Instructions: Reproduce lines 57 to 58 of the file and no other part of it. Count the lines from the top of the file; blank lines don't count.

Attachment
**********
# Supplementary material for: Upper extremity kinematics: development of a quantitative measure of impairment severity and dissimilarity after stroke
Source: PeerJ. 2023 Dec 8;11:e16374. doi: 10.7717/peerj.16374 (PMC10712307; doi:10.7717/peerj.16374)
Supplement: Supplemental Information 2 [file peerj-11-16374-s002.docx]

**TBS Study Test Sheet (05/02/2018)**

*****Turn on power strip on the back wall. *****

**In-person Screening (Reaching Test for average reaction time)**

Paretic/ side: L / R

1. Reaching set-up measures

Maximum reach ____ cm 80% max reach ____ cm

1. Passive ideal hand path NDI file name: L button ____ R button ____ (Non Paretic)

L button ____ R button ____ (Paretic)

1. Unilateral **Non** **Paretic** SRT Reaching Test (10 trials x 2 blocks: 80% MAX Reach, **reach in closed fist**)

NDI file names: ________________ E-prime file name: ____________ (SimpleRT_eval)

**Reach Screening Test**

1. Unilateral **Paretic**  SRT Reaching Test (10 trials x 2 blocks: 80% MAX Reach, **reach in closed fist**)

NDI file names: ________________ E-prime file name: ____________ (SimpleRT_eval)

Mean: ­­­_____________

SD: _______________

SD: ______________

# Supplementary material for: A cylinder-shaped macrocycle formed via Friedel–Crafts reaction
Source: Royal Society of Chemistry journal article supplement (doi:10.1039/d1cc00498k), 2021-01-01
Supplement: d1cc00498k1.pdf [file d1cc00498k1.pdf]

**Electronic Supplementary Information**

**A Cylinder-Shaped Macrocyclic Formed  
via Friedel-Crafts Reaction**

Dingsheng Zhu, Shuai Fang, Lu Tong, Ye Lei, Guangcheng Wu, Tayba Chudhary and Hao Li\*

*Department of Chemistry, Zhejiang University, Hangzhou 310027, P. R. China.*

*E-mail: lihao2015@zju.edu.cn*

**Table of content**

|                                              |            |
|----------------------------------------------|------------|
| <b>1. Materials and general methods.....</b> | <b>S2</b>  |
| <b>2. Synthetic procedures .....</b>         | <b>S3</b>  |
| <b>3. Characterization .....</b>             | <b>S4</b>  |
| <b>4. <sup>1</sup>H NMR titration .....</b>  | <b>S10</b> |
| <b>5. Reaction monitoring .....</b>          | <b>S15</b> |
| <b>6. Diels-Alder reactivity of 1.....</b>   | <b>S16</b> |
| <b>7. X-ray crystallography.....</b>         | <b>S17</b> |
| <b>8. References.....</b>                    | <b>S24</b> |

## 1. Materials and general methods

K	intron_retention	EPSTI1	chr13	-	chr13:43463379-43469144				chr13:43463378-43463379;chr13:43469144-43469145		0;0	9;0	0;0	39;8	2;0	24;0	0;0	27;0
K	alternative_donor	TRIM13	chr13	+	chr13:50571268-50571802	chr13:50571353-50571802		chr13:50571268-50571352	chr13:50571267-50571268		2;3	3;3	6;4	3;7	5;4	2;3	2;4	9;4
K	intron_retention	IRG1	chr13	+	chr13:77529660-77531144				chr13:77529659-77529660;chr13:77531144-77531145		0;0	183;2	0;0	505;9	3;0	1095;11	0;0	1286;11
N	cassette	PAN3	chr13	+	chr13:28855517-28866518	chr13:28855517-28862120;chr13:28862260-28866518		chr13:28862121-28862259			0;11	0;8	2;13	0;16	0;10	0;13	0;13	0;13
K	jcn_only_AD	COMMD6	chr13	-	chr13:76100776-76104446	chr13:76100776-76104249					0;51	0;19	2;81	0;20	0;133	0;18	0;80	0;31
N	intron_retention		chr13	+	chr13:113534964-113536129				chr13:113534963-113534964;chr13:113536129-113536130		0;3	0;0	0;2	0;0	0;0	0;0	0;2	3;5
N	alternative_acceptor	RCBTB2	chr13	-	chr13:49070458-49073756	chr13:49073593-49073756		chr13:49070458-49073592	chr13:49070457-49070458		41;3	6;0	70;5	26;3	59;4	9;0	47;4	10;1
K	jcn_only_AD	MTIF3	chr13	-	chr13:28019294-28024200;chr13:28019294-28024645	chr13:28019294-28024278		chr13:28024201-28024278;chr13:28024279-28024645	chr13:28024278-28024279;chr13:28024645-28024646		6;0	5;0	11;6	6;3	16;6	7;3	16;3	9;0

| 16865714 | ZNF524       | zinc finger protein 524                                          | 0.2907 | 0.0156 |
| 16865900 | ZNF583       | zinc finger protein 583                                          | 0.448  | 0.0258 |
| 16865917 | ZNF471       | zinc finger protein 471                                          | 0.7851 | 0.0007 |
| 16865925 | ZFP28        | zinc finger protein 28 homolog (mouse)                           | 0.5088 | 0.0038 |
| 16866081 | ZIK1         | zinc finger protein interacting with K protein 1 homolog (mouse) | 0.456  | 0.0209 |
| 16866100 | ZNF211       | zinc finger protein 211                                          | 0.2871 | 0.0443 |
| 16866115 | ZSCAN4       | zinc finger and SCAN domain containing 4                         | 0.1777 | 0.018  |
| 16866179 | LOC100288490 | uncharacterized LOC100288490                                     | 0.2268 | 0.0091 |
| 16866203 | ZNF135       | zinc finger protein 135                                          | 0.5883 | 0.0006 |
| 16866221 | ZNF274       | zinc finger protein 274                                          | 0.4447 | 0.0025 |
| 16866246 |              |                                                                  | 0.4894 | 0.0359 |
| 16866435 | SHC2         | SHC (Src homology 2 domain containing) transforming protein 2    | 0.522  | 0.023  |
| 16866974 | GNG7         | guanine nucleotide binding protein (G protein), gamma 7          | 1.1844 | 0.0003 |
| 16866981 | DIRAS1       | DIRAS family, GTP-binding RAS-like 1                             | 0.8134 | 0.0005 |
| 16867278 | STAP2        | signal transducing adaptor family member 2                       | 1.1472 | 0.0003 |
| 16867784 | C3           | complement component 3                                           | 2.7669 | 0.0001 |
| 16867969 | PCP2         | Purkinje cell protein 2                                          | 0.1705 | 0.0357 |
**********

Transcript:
| 16866203 | ZNF135       | zinc finger protein 135                                          | 0.5883 | 0.0006 |
| 16866221 | ZNF274       | zinc finger protein 274                                          | 0.4447 | 0.0025 |